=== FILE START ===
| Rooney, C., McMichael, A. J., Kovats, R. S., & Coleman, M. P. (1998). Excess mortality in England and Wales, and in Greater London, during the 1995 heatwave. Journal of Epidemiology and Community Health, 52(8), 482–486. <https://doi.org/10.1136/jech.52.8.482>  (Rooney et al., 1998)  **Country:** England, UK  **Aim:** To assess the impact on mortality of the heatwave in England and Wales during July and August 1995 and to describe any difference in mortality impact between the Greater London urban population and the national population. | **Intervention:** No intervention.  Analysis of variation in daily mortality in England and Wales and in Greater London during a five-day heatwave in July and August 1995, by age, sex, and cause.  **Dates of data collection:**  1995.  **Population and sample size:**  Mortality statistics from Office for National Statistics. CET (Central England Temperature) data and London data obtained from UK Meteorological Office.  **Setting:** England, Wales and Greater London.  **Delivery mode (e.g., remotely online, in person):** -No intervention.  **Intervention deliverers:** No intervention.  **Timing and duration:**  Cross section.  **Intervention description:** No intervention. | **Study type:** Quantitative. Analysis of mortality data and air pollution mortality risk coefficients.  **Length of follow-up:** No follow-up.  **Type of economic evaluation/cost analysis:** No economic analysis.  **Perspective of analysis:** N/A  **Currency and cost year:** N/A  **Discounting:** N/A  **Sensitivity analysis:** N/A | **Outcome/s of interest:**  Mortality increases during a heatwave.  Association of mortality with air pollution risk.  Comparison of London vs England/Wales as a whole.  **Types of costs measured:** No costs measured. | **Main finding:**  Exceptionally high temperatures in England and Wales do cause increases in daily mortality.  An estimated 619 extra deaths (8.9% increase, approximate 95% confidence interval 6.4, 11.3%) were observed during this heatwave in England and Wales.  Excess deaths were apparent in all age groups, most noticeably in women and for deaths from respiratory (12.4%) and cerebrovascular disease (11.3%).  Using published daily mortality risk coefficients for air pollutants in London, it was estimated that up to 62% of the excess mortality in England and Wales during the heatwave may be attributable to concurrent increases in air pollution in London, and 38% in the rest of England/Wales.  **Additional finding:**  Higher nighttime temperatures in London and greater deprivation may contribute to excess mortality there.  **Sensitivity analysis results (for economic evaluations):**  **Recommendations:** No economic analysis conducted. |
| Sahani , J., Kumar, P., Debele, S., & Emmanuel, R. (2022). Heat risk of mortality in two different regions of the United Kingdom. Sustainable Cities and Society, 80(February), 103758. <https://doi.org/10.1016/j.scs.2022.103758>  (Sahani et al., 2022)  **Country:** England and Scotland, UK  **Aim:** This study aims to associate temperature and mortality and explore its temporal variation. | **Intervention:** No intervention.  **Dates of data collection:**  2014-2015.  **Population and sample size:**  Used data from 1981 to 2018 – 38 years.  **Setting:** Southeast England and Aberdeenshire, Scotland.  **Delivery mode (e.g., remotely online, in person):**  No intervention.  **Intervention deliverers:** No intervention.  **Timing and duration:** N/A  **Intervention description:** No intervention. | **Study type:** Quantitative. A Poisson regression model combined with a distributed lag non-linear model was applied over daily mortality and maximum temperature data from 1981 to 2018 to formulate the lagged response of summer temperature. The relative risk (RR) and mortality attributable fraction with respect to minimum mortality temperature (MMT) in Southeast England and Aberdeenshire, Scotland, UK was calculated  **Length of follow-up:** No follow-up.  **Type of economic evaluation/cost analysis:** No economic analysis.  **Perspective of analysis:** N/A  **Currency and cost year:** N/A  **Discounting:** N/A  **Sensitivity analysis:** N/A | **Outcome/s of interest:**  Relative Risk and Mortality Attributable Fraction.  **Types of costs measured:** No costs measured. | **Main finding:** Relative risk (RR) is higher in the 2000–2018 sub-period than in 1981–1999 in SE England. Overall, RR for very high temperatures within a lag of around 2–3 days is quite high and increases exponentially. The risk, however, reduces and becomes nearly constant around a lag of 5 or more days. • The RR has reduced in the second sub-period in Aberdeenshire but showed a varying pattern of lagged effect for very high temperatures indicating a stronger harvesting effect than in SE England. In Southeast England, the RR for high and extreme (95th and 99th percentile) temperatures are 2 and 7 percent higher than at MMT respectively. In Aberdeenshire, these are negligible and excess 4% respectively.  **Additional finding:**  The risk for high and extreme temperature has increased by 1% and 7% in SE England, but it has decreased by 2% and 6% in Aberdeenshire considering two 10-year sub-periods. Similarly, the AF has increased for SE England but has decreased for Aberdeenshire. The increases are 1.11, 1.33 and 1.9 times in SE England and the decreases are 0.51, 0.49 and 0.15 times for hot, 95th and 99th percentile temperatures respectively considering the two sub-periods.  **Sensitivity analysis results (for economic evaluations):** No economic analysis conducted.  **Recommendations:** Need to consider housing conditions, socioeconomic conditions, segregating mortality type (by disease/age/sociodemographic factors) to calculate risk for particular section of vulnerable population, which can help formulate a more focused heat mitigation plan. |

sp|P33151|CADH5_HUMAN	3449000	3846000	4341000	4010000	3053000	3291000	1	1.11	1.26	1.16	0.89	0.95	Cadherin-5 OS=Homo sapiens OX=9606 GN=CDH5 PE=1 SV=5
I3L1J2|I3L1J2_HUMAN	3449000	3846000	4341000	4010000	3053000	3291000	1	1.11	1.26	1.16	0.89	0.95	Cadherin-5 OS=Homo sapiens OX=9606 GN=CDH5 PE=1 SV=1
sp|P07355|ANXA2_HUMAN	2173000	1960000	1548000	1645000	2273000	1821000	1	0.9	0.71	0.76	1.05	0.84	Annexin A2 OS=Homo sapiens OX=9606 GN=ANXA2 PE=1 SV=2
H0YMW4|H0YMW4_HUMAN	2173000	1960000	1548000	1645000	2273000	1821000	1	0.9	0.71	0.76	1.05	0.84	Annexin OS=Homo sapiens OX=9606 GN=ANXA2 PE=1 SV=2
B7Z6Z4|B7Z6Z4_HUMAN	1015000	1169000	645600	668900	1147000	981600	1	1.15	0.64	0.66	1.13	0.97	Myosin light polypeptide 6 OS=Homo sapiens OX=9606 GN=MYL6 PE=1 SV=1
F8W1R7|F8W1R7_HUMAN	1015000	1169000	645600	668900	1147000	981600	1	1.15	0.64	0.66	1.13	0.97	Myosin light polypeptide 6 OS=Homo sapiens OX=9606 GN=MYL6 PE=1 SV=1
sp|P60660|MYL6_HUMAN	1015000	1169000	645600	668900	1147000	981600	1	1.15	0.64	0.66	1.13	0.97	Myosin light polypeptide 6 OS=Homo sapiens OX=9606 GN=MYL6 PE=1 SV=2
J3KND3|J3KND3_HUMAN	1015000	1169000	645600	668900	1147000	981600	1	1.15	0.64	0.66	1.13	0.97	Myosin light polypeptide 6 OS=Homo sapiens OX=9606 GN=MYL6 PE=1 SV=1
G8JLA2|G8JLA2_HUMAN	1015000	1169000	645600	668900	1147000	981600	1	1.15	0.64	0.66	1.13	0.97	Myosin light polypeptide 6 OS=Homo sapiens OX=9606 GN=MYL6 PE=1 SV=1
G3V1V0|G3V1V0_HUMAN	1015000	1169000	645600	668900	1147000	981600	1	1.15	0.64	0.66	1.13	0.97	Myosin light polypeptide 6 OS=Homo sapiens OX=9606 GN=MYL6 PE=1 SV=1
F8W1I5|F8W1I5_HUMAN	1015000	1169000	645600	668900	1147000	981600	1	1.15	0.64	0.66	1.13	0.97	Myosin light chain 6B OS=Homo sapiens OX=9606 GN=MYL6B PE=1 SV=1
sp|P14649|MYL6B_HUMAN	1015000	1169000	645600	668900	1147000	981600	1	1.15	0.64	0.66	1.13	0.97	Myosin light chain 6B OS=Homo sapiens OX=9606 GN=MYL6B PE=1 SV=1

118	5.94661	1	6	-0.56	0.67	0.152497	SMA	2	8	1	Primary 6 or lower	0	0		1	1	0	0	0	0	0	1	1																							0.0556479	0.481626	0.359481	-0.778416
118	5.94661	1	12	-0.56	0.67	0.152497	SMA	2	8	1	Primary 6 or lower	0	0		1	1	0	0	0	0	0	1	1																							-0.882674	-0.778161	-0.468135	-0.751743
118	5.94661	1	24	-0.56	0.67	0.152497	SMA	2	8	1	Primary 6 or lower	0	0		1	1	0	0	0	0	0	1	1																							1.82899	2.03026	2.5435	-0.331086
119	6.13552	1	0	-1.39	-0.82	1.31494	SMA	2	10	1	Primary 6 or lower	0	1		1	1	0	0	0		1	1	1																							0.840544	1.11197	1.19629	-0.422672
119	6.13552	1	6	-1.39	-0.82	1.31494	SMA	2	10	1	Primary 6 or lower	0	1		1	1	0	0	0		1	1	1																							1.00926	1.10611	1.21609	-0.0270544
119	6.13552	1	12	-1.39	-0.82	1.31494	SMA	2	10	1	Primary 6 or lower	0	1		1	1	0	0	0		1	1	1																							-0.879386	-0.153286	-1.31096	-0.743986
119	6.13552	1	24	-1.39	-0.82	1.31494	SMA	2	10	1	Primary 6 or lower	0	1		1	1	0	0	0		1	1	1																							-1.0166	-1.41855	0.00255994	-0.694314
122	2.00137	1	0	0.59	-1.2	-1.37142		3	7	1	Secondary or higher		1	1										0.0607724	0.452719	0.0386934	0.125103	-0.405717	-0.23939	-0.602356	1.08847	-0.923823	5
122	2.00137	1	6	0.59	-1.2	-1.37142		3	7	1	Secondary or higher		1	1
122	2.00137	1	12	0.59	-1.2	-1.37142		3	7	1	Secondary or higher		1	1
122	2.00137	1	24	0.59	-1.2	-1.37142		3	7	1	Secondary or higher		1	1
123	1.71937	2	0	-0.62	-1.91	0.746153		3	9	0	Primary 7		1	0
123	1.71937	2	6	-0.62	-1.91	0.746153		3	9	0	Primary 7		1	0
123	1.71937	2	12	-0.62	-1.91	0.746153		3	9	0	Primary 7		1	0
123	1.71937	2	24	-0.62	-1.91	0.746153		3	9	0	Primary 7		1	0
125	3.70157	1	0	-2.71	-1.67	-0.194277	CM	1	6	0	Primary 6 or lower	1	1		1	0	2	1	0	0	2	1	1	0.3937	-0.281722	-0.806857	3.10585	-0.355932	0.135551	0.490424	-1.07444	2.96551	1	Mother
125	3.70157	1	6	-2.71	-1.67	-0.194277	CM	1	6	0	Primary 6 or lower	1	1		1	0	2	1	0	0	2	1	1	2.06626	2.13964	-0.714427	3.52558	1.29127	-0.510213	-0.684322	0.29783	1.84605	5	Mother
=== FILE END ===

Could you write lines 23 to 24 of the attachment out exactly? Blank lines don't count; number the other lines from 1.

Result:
122	2.00137	1	6	0.59	-1.2	-1.37142		3	7	1	Secondary or higher		1	1
122	2.00137	1	12	0.59	-1.2	-1.37142		3	7	1	Secondary or higher		1	1